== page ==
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Toughest Ski Weather?

Since I am never out in the backcountry without a guide, I have mostly resort limited experiences, but I would like to hear from anyone who has been far from the safety of a lodge what kind of challenges you have faced.

Aside from very cold temperatures (which I can generally prepare for), the most interesting times for me involve fog.  I have had times where I am almost skiing blind, visibility in the 10s of feet, but add another level of difficulty when the fog is freezing to all your gear.  I have to spend the lift ride scraping myself off, so I am ready for the next run and then sometimes scrapping goggles a couple times to get back to the lift!

IMG_1779.jpg

Frozen Shell

IMG_1786.jpg

The next day, still foggy, but not freezing to me.

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HI @Diesseldorf 

I have been caught in an interesting weather once or twice.

1. December of 2018, my trip near the Carson Pass, south of Lake Tahoe. I was planning to do a 7-mile loop connecting the three lakes (Frog Lake, Winnemucca and Woods lakes). This is a well-known route although I had tentative plans to spur to the Round Top lake. I was touring solo, didn't have a dedicated GPS device or map, and relied on my phone GPS with OSMand app for navigation.  The app froze and had to be restarted 7 (seven) times. The temperature was in the 20s, I had my phone connected to a power bank, an by the end of the trip the bank was half-drained.

 

The image was taken from the ice surface of the Winnemucca lake, to which I treaded unknowingly, and you can see why.

Winnemucca.jpg

There were several moments when I saw just white and the tips of my skis. The cloud was sitting essentially on top of the lake so as soo as I exited the bowl, I was in the clear. I have good memories about this trip, despite a few darn stupid things I did (in addition to skiing alone). Some time later I found out that the avalanche danger for that day was Considerable, and I exited the bowl along north-pointing gully, which was connected to the avalanche terrain (a classic north-eastern slope). While skiing down a gentle slope I fell and found myself in the powder below my skis. That was a powder day and I was on cross-country skis, 68 mm underfoot with Magnum BC bindings, which are non-release bindings, so I had a chance of ending up in NARSID situation. From today's perspective that was a cautionary tale.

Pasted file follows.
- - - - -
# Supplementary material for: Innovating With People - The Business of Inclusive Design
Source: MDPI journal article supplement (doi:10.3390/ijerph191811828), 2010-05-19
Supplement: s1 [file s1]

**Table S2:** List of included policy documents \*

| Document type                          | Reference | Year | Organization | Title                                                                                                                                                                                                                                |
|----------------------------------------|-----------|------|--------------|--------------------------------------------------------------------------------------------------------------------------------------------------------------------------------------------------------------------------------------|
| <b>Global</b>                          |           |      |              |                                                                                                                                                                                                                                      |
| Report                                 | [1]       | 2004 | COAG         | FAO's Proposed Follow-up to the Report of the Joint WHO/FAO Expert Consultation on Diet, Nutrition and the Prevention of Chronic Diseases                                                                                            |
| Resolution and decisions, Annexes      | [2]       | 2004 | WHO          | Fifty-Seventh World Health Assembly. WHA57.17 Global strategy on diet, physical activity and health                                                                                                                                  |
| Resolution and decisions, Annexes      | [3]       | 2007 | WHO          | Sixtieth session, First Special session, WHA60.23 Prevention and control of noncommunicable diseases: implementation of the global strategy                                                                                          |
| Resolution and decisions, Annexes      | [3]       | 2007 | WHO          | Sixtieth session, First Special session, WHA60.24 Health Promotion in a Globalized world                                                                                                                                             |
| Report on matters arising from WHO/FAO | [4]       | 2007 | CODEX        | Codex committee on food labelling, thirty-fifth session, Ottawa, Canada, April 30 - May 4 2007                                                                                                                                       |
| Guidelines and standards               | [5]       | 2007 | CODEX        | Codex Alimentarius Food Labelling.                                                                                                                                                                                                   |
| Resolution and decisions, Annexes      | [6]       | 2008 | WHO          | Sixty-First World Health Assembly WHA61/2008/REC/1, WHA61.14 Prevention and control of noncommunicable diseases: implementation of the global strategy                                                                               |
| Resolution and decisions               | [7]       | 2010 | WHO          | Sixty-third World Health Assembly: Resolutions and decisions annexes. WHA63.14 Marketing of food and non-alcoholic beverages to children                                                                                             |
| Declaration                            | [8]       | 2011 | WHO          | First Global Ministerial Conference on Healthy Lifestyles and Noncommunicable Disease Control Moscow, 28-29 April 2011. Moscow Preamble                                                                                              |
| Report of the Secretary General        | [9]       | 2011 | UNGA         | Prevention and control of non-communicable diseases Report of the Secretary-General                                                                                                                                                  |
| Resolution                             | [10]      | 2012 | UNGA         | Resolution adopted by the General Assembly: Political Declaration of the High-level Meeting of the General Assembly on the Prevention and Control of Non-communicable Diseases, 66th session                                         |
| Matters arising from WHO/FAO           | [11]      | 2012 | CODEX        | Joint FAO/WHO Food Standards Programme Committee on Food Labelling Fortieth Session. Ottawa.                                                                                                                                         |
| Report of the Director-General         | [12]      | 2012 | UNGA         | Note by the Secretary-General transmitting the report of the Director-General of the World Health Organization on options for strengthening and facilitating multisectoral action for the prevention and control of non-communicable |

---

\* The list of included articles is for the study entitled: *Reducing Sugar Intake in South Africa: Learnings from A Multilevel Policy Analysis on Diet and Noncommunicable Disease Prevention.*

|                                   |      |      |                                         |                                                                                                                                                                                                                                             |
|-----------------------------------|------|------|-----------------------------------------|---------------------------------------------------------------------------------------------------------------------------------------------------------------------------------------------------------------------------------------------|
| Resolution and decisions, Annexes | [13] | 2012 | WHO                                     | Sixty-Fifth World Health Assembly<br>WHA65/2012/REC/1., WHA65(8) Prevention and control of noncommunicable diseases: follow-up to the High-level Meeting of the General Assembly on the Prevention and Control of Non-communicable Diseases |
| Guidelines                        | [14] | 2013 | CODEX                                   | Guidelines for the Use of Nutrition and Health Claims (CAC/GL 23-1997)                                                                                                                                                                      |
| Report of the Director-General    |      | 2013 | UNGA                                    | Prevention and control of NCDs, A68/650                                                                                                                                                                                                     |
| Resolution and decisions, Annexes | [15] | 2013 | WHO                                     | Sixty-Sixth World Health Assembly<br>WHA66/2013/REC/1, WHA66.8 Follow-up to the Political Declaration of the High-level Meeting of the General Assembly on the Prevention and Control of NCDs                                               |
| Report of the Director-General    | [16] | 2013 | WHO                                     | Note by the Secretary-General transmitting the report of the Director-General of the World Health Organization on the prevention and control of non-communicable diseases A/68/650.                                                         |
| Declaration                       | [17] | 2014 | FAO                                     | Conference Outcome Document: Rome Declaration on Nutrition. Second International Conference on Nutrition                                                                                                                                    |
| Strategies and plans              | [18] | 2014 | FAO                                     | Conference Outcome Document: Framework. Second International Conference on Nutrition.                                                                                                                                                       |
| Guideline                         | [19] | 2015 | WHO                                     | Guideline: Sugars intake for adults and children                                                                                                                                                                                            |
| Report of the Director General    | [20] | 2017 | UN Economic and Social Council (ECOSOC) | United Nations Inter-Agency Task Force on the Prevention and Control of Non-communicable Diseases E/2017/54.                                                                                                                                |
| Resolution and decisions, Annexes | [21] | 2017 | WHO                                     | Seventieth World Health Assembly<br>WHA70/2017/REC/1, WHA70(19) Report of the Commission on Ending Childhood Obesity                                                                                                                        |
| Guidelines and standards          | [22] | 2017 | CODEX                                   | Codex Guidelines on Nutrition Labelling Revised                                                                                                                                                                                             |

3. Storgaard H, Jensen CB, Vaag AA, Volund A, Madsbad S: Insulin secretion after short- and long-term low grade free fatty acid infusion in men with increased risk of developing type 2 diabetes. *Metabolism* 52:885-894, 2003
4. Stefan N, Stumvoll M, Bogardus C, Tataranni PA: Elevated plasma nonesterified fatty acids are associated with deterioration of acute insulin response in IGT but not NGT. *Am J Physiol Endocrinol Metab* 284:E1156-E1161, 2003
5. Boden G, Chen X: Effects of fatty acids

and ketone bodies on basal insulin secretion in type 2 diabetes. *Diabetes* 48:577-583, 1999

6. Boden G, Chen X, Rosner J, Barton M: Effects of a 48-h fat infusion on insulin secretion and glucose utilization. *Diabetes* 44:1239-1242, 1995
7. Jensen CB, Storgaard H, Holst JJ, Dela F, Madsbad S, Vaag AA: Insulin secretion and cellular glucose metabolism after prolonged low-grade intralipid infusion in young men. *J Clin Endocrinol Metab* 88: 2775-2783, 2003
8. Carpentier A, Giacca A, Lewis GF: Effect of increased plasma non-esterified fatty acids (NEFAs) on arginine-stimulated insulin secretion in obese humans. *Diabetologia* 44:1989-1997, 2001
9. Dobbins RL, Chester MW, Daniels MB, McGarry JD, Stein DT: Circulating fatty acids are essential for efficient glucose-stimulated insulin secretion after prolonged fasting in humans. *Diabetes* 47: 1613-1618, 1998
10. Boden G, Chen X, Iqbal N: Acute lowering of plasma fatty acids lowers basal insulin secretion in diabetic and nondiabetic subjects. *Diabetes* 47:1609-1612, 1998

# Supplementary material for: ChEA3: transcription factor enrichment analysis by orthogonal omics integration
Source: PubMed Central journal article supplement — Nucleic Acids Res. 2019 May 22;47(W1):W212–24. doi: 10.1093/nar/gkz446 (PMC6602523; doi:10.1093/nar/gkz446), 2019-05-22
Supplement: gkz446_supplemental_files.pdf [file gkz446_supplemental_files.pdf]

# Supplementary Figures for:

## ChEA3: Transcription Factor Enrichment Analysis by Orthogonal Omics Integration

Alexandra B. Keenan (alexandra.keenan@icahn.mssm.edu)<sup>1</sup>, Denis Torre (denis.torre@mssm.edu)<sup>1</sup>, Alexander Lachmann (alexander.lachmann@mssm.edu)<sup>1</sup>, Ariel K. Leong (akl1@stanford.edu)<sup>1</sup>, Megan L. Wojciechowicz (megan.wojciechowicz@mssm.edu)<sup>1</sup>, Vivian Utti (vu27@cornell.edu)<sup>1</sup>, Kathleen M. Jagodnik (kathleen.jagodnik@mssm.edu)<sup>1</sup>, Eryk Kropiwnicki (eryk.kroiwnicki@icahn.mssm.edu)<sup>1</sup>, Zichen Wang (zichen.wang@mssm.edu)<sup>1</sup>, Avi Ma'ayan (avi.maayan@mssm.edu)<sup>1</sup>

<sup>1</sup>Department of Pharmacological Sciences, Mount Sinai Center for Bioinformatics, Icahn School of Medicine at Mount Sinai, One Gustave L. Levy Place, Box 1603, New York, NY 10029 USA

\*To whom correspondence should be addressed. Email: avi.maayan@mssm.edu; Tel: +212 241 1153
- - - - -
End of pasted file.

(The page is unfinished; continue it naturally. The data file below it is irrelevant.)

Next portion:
I documented another merry trip here.

https://www.sierraavalanchecenter.org/observation/2019/dec/26/1200/little-round-top

Another solo trip, which was cut short after I was literally blown away by the ridgetop winds while transitioning.

 

Both very interesting trips!  Glad you made it out alright.  I also am not fond of powder under the XC skis, though that is always the dream for alpine.

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Kinda tough skiing whn the temps ht 90F in the shade.  You need really good wax....

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Dune skiing is possible, but yeah I wouldn't use anything but junkers for that.

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When it was -25f ambient at the bottom of the mountain and there was a physical demarcation 1/2 way up the lift where the trees were covered in ice and the wind hit and the ice cream headache occurred. We got off the lift and skied down to below the demarcation to the warm area of -25F.

 

Yep, those are the days need to pop by the fire and thaw off between runs!

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Young dumb and the slopes were empty. Turned and burned for 2 and a half days. Lunch on day 3 when I got to the bottom, one of the guys I was with was skiing hunched over in pain, which made it easy to talk to him because I was sliding along in the fetal position also. Thats when a halt was called.

Ha ha ha, great story!

REI Member Since 1979 YouTube.com/philreedshikes
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funny story...I was skiing in Zermat, Switzerland (as opposed to Zermat, Texas, lol) (name drop), when the weather started getting bad, fog coming in.  Well it was no good trying to ski so I took a lift that would get me near the top where a couple of restaurants were and headed in the general direction of the buildings until becoming completely socked in by the fog.

I knew I was getting close when I could hear folks talking, doors opening and closing, but I couldn't actually see the buildings.

As I was pushing myself on the fairly level surface, the voices started growing dimmer and I was getting a tad bit worried.

Suddenly, the ground started gently sloping down and I thought, ok I'm getting back to the piste, I could hear the chair lifts, I must have turned just a bit.

But now I was on a piste full of folks, going down, but I wasn't sure which trail I was on.

Then I heard the voices of other skiers, but not longer in German (or the swiss version), which was spoken around that area, but now Italian!

So with no choice but to ski down and figure out where we were, still in a white out, we skied down and fortunately got below the clouds and got to a lift line.

Well, we had accidentally skied between the restaurants and over the border into an adjacent Italian area.

The problem was, they were on a different pass and wouldn't let us go back up!

But after some arguing, pleading, and begging, and an exchange of Swiss Francs, the dude let us go back up...and we were saved!

unfortunately, for once, no pictures!

but wait, here's a pic from that area when we went there on another trip to start the high route, again, but thwarted again, due to avalanche danger.

053 13Apr86.jpg075 14Apr86.jpg090 14Apr86.jpg092 14Apr86.jpg119 15Apr86.jpg126 15Apr86.jpg128 15Apr 86.jpgtired, tired, tiredtired, tired, tired

REI Member Since 1979 YouTube.com/philreedshikes